3 . X-Men: First Class (2011) — It’s kind of amazing in retrospect just how willing everybody was to write off the X-Men franchise at the start of the decade.  All it took in that pre-Avengers world was a few lackluster sequels to sink what should have obviously been a hands-over-fist money maker.  With Bryan Singer having moved on to greener(?) pastures (if Superman Returns and Valkyrie count), the proposed X-Men Origins prequels having died with the arrival of Wolverine and lacking any ideas of their own, Fox gave control of their flagship blockbuster franchise to the little-known writer-director duo behind movies like Stardust (2007) and Kick-Ass (2010).  In effect replacing the now-defunct X-Men Origins Magneto, they told a Cold War-set, spy-inspired thriller tracing the origins of Professor X, Magneto and Mystique that recaptured the frenetic spark that was always at the core of this franchise.  It was fun, funny and packed full of memorable action, with a best-of-his-kind villain and an amazing (if somewhat wasted) supporting cast.

2 . X-Men: Days of Future Past (2014) — The thesis of the X-Men was always depicting an exaggeration of the real-life struggles of marginalized groups and the civil rights movement.  They were superheroes in a world that both hated and feared them and, more often than not, would always, always, always turn on them.  Days of Future Past, based on the iconic comic story of the same name, took that basic premise to its most logical extreme: showing us a future filled with concentration camps and roving death squads, where the last remnants of Mutantkind were forced to undergo one last, madcap mission to save the world.  Combining the greatest strengths of the time-displaced storylines thus far — that is to say, their casts — with a stellar script by First Class scribe Jane Goldman and a-characteristically good direction from the unfortunately returning Bryan Singer, Days of Future Past softly rebooted the now-on-course series and delivered one of the top-shelf blockbuster events of the 2010s.  And, if not for one final film, this would have marked the perfect send-off for the soon-to-be-Disnified franchise.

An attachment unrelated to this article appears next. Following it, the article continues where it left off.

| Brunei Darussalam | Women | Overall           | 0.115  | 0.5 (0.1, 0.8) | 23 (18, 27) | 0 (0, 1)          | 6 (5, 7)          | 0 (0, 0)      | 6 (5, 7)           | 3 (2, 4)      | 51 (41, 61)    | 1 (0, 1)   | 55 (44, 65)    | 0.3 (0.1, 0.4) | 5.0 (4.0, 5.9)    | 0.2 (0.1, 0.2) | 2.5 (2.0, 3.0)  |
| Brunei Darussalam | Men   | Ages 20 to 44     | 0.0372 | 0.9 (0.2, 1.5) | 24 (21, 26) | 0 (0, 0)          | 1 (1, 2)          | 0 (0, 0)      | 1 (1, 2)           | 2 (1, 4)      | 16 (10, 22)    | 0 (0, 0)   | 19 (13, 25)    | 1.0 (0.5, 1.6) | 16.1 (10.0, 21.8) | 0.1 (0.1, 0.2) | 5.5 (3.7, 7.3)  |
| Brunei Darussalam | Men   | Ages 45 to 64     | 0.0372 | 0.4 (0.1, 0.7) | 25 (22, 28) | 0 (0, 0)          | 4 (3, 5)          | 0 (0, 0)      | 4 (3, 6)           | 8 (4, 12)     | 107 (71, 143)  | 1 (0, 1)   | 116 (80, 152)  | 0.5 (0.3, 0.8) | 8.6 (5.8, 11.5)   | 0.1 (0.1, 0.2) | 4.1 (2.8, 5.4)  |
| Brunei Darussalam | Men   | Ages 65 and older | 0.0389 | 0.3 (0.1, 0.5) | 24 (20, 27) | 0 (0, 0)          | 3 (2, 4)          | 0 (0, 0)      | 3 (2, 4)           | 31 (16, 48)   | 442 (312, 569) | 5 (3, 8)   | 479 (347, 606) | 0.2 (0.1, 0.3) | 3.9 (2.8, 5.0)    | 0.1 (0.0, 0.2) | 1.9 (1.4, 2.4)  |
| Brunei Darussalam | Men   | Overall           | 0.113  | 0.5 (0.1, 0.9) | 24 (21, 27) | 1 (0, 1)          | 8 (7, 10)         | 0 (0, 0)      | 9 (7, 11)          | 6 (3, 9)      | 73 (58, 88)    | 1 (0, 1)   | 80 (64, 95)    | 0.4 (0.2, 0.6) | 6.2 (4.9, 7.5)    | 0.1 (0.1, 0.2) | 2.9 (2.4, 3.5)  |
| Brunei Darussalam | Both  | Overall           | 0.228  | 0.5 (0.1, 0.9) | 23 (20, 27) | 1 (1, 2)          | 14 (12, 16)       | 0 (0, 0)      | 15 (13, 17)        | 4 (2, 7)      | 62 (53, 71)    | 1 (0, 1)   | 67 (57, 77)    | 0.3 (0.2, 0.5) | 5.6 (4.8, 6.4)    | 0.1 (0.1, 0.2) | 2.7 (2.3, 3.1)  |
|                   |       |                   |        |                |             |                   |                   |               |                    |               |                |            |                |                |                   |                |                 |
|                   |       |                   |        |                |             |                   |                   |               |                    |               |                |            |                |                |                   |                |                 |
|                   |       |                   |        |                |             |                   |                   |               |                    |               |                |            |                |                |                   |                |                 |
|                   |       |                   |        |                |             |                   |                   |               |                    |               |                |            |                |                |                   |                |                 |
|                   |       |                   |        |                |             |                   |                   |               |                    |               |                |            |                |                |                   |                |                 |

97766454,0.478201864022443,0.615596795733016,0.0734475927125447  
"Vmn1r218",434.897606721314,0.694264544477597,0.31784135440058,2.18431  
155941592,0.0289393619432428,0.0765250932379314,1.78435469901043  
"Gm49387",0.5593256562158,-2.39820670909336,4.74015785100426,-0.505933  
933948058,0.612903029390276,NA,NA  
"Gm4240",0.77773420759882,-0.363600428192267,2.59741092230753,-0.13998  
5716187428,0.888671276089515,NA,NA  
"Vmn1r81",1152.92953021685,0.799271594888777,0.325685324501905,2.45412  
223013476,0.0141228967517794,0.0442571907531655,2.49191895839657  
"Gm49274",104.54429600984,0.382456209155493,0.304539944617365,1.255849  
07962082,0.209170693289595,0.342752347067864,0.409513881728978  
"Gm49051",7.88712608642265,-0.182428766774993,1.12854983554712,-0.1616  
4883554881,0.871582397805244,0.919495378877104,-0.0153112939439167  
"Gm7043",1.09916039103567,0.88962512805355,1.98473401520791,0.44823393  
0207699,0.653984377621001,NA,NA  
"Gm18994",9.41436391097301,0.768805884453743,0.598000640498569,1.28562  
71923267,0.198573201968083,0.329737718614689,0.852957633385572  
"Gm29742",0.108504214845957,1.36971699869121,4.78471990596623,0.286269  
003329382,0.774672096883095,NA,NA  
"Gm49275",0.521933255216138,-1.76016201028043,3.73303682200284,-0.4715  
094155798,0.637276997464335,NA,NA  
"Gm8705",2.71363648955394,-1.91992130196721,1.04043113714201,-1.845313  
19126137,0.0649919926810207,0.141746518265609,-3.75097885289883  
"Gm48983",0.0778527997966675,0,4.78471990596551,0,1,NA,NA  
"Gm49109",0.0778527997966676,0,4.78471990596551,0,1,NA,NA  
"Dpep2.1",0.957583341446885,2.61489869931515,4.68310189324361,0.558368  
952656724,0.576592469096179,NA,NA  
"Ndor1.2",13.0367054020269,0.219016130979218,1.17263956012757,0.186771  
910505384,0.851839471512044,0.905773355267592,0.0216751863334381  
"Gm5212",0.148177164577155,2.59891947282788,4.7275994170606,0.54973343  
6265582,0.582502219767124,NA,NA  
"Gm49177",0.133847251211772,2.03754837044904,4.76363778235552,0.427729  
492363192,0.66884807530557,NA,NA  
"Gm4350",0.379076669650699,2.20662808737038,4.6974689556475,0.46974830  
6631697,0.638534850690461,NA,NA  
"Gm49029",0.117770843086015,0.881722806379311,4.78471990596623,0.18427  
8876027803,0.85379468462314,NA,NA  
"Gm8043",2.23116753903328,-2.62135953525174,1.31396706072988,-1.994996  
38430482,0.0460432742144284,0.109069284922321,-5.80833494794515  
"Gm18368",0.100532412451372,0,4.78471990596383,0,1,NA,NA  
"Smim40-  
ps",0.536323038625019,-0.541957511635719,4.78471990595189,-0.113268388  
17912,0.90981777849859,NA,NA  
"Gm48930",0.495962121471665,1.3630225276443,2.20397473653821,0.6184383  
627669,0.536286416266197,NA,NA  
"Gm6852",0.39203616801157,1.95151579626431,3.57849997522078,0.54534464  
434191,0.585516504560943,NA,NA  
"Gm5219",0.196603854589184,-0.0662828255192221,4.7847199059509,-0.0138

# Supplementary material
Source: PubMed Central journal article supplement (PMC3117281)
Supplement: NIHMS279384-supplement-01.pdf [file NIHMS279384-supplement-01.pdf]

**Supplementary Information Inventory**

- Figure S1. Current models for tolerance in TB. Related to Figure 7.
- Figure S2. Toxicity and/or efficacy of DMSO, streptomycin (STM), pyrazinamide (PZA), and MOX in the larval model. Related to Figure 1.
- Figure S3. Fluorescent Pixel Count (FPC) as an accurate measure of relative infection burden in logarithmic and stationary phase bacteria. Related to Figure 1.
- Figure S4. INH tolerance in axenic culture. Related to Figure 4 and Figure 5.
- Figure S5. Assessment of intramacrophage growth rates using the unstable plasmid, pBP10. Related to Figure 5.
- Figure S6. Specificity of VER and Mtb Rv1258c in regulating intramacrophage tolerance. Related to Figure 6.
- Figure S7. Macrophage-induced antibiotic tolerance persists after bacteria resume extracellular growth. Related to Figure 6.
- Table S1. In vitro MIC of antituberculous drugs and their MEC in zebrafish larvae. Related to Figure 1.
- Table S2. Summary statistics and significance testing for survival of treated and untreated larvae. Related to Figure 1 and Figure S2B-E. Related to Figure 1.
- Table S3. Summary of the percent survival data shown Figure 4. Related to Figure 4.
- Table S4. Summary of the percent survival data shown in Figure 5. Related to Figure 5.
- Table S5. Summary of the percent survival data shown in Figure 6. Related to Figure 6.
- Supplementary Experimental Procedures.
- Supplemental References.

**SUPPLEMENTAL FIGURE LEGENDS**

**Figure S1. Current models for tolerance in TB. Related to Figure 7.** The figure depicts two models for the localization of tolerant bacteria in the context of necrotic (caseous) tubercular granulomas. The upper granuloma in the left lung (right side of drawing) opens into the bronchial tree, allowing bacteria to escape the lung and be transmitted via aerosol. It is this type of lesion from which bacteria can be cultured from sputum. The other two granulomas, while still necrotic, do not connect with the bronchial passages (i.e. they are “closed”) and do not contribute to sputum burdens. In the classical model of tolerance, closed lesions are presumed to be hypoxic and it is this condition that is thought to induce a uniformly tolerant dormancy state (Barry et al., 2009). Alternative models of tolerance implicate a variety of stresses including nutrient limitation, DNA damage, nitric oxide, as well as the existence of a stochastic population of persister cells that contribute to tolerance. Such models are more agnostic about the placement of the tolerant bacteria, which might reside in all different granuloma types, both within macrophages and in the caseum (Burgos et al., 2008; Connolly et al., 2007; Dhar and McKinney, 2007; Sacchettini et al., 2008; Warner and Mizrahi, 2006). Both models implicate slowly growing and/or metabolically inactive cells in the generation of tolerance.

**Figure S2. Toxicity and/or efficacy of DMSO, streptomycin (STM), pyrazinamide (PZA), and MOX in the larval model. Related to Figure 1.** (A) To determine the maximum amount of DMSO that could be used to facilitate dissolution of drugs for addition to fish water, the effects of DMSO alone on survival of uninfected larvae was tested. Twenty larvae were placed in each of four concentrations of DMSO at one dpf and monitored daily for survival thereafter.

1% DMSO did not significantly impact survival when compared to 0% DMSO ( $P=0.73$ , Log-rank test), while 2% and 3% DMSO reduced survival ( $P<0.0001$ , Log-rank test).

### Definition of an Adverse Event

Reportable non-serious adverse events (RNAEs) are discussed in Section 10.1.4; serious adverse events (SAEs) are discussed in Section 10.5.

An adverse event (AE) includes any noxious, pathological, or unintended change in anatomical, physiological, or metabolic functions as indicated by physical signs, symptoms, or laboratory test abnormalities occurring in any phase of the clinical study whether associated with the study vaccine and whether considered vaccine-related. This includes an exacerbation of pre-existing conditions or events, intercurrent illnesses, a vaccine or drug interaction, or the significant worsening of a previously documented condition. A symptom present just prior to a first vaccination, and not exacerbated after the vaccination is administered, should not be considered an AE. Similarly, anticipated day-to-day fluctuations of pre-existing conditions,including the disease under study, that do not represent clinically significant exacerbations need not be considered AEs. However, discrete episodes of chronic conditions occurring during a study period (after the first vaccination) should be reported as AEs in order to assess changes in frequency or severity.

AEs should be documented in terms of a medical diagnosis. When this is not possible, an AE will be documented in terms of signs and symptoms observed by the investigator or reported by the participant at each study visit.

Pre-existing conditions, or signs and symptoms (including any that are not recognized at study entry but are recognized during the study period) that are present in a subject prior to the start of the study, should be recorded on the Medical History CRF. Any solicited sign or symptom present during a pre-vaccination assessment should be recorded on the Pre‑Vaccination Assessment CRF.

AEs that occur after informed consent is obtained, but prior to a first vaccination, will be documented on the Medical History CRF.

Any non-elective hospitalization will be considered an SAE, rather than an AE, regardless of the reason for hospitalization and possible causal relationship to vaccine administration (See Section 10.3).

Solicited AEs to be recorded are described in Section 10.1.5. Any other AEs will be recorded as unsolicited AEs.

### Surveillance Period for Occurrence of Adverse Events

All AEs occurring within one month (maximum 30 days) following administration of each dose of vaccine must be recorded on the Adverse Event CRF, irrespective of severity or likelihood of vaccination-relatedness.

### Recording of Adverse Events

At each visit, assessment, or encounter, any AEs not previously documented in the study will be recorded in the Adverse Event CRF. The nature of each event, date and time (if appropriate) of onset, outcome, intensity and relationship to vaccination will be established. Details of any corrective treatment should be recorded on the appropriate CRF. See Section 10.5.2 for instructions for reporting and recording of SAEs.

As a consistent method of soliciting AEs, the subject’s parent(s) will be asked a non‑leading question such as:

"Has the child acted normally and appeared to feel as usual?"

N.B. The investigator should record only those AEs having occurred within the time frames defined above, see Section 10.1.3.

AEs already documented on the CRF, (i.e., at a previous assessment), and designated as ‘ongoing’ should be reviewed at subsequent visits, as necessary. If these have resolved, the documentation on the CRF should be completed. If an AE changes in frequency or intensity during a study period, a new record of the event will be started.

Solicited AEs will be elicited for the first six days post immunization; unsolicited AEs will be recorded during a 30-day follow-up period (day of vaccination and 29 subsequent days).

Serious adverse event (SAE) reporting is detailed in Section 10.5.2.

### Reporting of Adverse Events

1 . Logan (2017) — There’s just no getting around it.  No matter what you might think of Days of Future Past, First Class, Deadpool or even the original X-Men, everything that the franchise ever wanted to be was delivered to us in Logan.  Like Days of Future Past, we are shown the inevitable end-point for the franchise: the final, livelong end-point of hatred, bigotry and human frailty.  Like Deadpool, we get to see our most viscerally satisfying Mutant brawlers cut loose without restraint.  And, with that R-rating came freedom from the typically micromanaging Fox CEOs (since they no longer had to worry about recouping the larger budget that invariably comes with a four-quadrant friendly, PG-13 rating).  Like First Class, it understood what was direly important to the franchise (and, in particular, these rapidly aging-out characters).  And like X-Men, it had the unquestioningly perfect casting of Patrick Stewart, Hugh Jackman and now Dafne Keene to drive its sorrowful neo-Western narrative home.  I don’t know if I ever cried as hard in any movie as I did in the final moment of Logan.  And, honestly, I don’t know if I ever could again.